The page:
Over this time, Martin installed more than 150 wind turbines up and down the UK, from Cornwall to the north of Scotland, and he loved the job. “These machines were great to work on because you were out in wonderful countryside but the beauty of it was the design of the turbine, which was definitely configured with the installer in mind.
“The direct drive machines were supplied with a 400-volt transformer and the process involved working out loss on the length of the cable install as well as installing the appropriate size of cable for the turbine. If the turbine was going straight to grid it was quite simple. If we were integrating to supply other systems then it got more complicated.
“When you are building a turbine you are responsible for the whole project, from building the tubular steel monopole tower and constructing the turbine cell with its permanent magnet generator at the top with the three blades, which can more than 24 meters in diameter. Then you have to angle the blades for the average wind speed of that site, and wire the whole structure together so electricity can be generated from the turbine to where it is required.”
Electricity can be generated on these models with wind speeds from as little as 3 metres/second, but they are designed to provide maximum generation at 12-15m/s, cutting out at anything above 25m/s.
Martin added: “You are there from the time the foundations are poured until the final commissioning of the wind turbine. It’s a very intense period of work over a few weeks.”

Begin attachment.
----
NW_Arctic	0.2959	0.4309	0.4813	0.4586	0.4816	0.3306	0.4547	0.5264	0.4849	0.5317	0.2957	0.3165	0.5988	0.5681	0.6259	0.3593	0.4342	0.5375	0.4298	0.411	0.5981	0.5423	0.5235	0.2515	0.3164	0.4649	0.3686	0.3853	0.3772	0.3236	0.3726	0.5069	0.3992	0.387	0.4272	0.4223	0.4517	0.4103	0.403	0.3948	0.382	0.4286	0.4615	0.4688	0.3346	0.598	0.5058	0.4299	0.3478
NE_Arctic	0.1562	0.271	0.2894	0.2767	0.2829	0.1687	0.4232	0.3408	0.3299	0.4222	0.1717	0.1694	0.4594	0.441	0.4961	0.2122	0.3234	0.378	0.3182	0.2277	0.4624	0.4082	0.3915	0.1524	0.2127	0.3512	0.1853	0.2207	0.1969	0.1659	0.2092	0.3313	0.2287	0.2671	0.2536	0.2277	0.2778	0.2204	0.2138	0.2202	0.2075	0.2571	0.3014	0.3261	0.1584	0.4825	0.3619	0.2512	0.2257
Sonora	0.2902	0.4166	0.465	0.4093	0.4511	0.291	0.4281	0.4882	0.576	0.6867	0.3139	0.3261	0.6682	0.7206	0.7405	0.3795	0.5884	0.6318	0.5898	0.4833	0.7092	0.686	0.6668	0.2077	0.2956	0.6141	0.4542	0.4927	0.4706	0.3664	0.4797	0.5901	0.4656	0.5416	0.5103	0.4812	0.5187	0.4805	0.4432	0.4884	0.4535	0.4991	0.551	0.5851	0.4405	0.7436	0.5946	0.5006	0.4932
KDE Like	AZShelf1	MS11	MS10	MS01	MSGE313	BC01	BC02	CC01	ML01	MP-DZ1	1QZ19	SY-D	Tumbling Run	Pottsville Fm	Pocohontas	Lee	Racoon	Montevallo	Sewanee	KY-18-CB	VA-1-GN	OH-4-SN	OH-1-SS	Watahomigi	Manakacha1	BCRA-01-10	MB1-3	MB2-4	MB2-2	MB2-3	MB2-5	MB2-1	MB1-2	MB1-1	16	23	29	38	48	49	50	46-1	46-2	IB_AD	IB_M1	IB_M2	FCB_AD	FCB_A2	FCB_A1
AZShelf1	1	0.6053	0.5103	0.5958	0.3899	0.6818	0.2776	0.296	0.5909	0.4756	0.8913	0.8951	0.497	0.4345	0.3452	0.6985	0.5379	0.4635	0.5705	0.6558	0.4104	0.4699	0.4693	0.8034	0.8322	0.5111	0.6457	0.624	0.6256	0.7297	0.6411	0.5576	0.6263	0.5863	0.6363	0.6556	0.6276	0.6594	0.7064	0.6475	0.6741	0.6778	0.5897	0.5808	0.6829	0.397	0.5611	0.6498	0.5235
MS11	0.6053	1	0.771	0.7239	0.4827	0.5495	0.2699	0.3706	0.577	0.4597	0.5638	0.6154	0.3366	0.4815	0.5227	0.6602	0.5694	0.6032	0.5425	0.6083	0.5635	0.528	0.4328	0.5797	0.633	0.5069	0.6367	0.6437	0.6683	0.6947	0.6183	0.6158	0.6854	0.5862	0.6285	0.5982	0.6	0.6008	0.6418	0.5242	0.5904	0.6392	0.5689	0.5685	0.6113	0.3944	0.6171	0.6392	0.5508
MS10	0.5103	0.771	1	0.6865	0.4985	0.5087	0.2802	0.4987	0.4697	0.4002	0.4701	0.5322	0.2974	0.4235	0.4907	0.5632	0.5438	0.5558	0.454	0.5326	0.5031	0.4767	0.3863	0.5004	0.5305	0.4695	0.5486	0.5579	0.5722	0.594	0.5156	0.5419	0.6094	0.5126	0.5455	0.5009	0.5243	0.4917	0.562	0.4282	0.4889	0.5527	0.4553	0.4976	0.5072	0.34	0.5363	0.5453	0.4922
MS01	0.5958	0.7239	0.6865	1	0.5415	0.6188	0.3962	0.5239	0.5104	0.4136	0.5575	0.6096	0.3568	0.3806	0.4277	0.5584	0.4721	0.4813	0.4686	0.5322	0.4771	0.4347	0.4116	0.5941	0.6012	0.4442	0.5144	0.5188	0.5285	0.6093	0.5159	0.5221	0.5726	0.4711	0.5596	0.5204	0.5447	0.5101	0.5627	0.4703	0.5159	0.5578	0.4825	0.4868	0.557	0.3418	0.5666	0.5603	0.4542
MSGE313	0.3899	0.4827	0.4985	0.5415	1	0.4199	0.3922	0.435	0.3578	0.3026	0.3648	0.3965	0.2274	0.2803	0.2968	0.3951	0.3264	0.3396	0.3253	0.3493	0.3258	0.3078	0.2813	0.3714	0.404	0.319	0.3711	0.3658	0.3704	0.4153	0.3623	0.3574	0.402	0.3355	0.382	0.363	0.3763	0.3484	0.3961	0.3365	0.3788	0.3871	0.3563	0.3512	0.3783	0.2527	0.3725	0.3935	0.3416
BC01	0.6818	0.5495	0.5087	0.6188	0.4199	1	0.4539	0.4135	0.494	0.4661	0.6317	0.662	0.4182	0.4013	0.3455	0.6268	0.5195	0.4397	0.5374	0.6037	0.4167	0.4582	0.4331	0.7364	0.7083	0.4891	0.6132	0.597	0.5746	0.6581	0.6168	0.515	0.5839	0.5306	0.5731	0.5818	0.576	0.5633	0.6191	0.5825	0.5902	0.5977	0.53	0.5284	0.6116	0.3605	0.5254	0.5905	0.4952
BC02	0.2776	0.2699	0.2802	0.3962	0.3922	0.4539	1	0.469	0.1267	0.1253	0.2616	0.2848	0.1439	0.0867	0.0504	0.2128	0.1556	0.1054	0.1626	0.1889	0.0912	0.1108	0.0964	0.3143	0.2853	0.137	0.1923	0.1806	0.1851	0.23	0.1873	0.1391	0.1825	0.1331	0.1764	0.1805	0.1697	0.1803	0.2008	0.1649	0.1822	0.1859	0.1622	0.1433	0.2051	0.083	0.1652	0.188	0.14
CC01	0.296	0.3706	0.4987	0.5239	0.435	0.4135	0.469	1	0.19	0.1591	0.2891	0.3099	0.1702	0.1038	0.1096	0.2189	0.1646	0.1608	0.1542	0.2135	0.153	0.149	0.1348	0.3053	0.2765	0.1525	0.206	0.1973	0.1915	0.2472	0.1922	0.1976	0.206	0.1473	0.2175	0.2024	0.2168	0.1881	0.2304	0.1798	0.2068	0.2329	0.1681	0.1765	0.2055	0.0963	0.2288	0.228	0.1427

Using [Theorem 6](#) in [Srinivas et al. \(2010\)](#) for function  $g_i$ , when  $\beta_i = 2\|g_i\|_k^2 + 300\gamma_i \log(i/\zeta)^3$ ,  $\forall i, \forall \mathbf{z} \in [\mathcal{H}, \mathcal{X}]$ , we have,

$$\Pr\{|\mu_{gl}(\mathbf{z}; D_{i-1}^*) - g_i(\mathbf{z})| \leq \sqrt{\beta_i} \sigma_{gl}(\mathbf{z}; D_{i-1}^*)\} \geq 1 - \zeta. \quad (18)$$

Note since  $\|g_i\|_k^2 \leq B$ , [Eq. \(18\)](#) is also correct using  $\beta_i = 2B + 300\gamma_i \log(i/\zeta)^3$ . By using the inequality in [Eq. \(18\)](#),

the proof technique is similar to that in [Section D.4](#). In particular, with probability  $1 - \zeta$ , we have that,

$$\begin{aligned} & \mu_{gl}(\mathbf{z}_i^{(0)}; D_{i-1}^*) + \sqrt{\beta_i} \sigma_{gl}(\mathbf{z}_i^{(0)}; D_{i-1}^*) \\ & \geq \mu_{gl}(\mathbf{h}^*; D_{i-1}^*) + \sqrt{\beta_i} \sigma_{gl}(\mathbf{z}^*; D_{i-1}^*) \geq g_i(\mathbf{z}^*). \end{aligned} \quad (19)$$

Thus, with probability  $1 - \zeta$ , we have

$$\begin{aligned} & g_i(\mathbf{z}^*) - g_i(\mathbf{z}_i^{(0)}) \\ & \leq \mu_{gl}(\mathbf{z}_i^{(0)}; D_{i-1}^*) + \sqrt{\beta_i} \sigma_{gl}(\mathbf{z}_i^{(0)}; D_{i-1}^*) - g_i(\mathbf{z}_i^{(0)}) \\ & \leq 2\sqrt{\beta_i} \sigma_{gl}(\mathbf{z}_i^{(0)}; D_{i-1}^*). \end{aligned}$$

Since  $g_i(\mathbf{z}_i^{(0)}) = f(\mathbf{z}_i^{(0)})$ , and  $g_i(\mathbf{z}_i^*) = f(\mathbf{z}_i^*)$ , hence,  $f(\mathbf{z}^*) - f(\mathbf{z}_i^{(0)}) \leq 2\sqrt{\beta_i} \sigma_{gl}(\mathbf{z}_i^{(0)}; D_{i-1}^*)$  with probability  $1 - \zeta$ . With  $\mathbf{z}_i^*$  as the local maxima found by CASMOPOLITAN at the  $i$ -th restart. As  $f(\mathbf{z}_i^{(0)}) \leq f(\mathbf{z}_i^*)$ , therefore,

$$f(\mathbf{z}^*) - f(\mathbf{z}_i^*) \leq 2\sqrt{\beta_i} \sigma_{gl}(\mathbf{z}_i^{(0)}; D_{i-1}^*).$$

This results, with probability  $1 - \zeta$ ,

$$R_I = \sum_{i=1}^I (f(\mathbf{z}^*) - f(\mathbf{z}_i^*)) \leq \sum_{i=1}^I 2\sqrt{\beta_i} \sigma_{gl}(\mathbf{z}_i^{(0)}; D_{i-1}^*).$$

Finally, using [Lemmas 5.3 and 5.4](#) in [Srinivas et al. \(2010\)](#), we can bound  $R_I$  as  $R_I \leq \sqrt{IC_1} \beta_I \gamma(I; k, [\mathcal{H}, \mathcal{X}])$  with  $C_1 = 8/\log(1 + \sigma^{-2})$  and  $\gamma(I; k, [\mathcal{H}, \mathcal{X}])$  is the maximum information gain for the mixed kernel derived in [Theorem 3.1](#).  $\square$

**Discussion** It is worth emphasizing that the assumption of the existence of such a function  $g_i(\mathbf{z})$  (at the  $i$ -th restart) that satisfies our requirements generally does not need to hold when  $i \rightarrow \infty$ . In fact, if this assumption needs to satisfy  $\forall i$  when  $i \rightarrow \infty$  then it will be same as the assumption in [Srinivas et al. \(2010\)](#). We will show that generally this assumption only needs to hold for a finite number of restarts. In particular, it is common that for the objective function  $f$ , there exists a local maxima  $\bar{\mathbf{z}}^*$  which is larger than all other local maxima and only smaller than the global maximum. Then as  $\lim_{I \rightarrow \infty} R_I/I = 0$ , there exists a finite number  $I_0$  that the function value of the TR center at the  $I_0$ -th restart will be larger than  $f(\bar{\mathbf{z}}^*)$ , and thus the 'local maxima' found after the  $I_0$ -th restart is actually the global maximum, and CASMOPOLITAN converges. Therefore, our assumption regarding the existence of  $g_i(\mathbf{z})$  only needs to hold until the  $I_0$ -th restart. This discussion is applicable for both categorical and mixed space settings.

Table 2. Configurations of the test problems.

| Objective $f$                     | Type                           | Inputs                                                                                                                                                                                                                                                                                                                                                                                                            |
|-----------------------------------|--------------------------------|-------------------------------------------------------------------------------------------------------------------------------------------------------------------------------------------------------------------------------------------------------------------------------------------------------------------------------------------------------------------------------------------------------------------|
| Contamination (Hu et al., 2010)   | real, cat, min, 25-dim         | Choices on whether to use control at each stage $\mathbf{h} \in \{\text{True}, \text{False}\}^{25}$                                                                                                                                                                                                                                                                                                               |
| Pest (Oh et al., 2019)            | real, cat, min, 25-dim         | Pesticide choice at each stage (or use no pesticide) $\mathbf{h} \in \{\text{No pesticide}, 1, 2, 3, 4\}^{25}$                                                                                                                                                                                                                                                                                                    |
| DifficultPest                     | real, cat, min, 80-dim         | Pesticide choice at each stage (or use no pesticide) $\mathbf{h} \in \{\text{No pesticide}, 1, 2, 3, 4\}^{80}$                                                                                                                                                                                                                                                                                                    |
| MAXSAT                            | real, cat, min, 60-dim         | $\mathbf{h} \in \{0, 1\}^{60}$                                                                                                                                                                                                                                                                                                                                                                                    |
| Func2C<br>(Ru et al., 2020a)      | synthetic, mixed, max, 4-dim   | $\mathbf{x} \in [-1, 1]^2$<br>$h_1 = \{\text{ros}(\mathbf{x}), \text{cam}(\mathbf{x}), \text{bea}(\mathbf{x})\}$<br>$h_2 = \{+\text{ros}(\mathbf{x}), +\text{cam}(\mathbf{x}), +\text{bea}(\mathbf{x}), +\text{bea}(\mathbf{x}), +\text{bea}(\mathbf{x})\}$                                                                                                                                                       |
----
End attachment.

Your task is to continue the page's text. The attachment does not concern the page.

Martin said he enjoyed the nature of the work and became one of the few people within the company in the UK that was allowed to carry out all four aspects of wind turbine operations: installation, build, commissioning and subsequent maintenance.
Over the last five years, Martin has broadened his renewables experience into solar PV systems and a few small-scale hydro-electric projects. He even had a wave energy project on the go until the developer went into liquidation.
Another exciting and innovative green project Martin got involved in around five years ago was with the Resource Efficient House, that was developed by Scottish construction firm Tigh Grian (Scottish Gaelic for ‘house of sun’) – the Scottish housing arm of Swiss company UserHuus AG that has developed energy-efficient homes.
The design concept involves manufacturing the house in pre-built sections using a structural insulated panel system (SIPS). The 4.9m x 11.4m pod modules are built to be fully serviced, fitted out and decorated at the factory in Wales and when laid on pre-prepared foundations can be assembled into a flat or a two/three/four bedroom house format, thus reducing construction costs, time and waste. Each unit is fully insulated and heated using a whole-house mechanical heat recovery ventilation system, with wall-mounted electric panel heaters giving an EPC B rating and they incorporate roof-mounted solar panels.
According to Tigh Grian, this ‘pod’ approach provides an “affordable, energy-efficient, quick-to-build volumetric housing solution”.